In honor of Veterans Day, upper school veterans share their stories


Michelle Liu

Harker cancelled classes on Nov. 11 to give the community time to honor veterans both in and out of the Harker community.

by Sarah Mohammed, Assistant Features Editor

The upper school did not hold any classes on Nov. 11 to observe Veterans Day, a holiday that honors the service of those who have served in the various branches of the military. Harker has roots in military service, as it was originally merged with the Palo Alto Military Academy. We thank current Harker faculty who have served and share their stories below. 

Upper school mathematics teacher Bradley Stoll boarded an airplane for the first time when he was 17 to attend Boot Camp, more commonly known as United States Army Basic Training. When he arrived, he had to shave his head — and he was not given a hat. His first memory of Boot Camp was the way his scalp blistered under Missouri’s summer heat. 

Stoll served as part of the army reserve for one year and was on active duty in the navy for six years. He also attended Boot Camp twice. He joined the military because there weren’t many options available to him out of high school, and he was not ready to attend college at the time. 

“It’s a nice feeling to know that you’re giving back a little bit to the country that’s giving you so much, even though that wasn’t really the reason I went in, ” Stoll said. 

Having served right after he had finished high school, Stoll feels that serving has impacted him in that he was able to learn insights from the diverse group of people around him that he could not learn in his small, primarily white hometown. 

“I learned to get along with all sorts of people: when you live in close quarters you don’t have much of a choice. I learned to respect people, their differences, and my differences,” Stoll said. 

Upper school math department chair Anthony Silk looks back fondly at pictures of him wearing his dark blue navy uniform. He remembers the pride he felt while putting on the uniform, how it made him feel like he was part of something bigger: part of a group upholding truth and freedom. 

Silk served in the navy after finishing college. He was initially an electronic countermeasure officer, and he went on to study at the navy’s test pilot school. He was on active duty for 10 years in the navy and joined the navy reserves for 12 years before retiring in the rank of a commander. 

He acknowledges the inherent risk that comes with serving in the navy, but he especially feels that it is important to recognize the people who have gone beyond what was expected of them in order to serve their country. 

“On Veterans Day, I really think about other people that have served who have really pushed themselves even harder than I think that I ever did,” Silk said. “[I think about] people who are going behind enemy lines, and people who are doing truly dangerous [work] where every mission has huge amounts of risk to it.”

Upper school history teacher Karen Haley remembers waking up to hear chanting from the Reserve Officer Training Corps (ROTC) complex situated near her college dorm. The trainees would wake up at 4:30 am, and Haley could hear the noise from her dorm room, the sound of running in boots and heavy gear, the sound of climbing walls. She remembers asking herself, “Why aren’t we [women] represented in this particular area?”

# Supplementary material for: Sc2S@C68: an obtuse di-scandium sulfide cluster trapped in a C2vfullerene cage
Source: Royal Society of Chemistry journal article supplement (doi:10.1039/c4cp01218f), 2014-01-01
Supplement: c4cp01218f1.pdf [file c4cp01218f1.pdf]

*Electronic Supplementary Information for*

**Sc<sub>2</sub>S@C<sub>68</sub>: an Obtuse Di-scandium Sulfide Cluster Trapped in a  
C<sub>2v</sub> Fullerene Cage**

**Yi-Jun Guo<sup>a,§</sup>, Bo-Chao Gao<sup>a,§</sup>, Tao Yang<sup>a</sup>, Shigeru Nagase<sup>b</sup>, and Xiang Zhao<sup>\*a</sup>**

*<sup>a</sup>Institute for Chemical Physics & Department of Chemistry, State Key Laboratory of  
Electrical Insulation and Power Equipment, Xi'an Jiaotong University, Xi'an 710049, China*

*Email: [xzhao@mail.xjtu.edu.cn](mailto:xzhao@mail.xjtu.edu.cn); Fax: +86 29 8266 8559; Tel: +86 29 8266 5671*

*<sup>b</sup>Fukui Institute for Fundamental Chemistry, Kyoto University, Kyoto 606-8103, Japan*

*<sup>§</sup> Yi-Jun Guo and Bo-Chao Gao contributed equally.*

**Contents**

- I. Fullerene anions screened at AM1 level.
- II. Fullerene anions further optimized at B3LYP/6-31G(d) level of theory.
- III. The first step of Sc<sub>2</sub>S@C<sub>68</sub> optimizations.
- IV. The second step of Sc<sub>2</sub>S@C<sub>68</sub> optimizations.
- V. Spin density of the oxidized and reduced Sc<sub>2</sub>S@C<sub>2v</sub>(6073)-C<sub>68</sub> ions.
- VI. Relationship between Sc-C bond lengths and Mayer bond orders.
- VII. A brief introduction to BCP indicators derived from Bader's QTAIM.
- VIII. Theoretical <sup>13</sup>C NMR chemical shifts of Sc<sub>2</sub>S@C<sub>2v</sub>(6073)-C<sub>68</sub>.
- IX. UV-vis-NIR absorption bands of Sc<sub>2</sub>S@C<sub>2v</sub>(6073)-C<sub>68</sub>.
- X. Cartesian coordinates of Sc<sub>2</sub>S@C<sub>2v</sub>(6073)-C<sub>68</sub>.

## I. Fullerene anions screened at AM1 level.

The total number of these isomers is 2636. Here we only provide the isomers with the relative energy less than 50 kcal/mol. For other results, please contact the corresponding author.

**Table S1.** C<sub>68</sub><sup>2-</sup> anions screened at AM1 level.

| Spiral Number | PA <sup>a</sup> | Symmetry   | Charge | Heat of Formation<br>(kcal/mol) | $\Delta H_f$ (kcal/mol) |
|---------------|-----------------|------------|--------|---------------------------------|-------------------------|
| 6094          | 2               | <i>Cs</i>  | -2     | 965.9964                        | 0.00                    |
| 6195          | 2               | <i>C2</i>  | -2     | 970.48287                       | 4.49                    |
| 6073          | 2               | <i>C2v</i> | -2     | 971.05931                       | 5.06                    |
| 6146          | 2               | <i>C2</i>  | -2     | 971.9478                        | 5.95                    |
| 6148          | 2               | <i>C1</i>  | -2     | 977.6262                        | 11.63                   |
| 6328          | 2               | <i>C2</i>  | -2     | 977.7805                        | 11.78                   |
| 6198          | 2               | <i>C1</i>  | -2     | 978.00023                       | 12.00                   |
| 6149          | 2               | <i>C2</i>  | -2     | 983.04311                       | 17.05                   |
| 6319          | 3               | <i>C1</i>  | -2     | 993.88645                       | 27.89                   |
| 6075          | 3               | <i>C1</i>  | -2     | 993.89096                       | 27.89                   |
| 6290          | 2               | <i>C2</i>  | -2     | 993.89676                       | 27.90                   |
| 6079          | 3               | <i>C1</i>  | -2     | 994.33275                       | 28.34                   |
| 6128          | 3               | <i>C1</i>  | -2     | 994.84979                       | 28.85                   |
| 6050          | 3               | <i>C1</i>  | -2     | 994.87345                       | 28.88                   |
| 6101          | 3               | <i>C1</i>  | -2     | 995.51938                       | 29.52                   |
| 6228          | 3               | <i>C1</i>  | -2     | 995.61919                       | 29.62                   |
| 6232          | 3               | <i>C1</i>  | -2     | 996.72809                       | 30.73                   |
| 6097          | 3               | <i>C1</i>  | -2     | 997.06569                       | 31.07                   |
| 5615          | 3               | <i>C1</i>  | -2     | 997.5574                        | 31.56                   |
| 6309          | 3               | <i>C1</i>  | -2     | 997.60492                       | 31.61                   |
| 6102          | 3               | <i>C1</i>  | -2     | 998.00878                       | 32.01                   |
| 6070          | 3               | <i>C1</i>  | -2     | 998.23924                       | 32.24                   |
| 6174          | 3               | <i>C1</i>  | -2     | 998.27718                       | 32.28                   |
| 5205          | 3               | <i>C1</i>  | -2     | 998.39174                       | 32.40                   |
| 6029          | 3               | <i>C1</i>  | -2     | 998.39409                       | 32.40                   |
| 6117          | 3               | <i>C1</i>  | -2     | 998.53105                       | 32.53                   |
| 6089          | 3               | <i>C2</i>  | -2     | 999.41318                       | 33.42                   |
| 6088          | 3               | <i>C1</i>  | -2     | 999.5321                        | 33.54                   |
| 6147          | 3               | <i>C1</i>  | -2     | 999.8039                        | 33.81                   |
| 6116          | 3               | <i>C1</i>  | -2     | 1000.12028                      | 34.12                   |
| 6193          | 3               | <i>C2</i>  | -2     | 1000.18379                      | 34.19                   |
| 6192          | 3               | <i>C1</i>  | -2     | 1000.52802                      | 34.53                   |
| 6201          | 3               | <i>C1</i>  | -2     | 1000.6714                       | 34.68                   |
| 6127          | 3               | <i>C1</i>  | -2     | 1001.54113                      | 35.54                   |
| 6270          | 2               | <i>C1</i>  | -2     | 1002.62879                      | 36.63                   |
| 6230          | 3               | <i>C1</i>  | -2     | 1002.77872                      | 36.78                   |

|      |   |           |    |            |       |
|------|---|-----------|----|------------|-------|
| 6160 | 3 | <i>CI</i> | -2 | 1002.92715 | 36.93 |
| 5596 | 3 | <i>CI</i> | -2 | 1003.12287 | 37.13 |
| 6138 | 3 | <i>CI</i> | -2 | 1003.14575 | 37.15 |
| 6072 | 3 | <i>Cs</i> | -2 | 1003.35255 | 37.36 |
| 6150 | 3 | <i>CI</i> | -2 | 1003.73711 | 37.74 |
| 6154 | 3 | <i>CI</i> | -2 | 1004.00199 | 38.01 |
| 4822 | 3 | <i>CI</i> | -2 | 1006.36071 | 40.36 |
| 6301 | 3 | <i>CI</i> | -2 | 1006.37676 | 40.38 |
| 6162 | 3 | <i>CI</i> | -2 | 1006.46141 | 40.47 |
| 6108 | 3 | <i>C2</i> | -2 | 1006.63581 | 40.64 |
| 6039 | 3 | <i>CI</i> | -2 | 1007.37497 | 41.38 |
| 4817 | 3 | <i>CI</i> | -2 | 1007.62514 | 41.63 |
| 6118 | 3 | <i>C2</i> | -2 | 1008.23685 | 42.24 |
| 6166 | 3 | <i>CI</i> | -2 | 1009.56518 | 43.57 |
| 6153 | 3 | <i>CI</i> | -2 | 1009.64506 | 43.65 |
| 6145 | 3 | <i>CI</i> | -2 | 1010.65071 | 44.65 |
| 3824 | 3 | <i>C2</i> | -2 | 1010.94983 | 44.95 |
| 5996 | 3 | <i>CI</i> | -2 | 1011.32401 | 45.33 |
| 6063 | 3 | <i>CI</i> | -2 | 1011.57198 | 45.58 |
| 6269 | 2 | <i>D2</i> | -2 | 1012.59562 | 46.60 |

Haley completed the ROTC program in college and went on to serve in the army for seven years, ending her career as a captain. She left the army to get married and have children. 

“I do think that [military service] helped shape so much of my early adulthood, because I had to focus on discipline, dedication, fitness, and following the chain of command,” Haley said. “And you don’t necessarily get to experience all of that, if you graduate and then go into the civilian world.”

Upper school history teacher Clifford Hull’s experience with military service is generational. Although he performed military service under duress, his father volunteered to fight for the Allied troops in North Africa. When Clifford Hull’s father passed away from complications caused by the wounds he received at the Battle of Gazala, Hull held him in memory as his hero. In his mind, his father died fighting against the Axis powers and helped to stop the onslaught of Nazism and Fascism. 

Hull served in the South African infantry as a Platoon leader, or first lieutenant. He started his national service in the 1970s when he turned 18 because all-white South African men over 18 were required to report for national service at the time. He served for 15 years until he came to the United States. 

“Veterans Day, to me, is a day for all of us to reflect on the hardships and sacrifices that not only the members of the armed forces have to endure, but also their families and relatives,” Hull said. “It is fitting for each and every person in our community to show military service members respect and gratitude for what they have done.”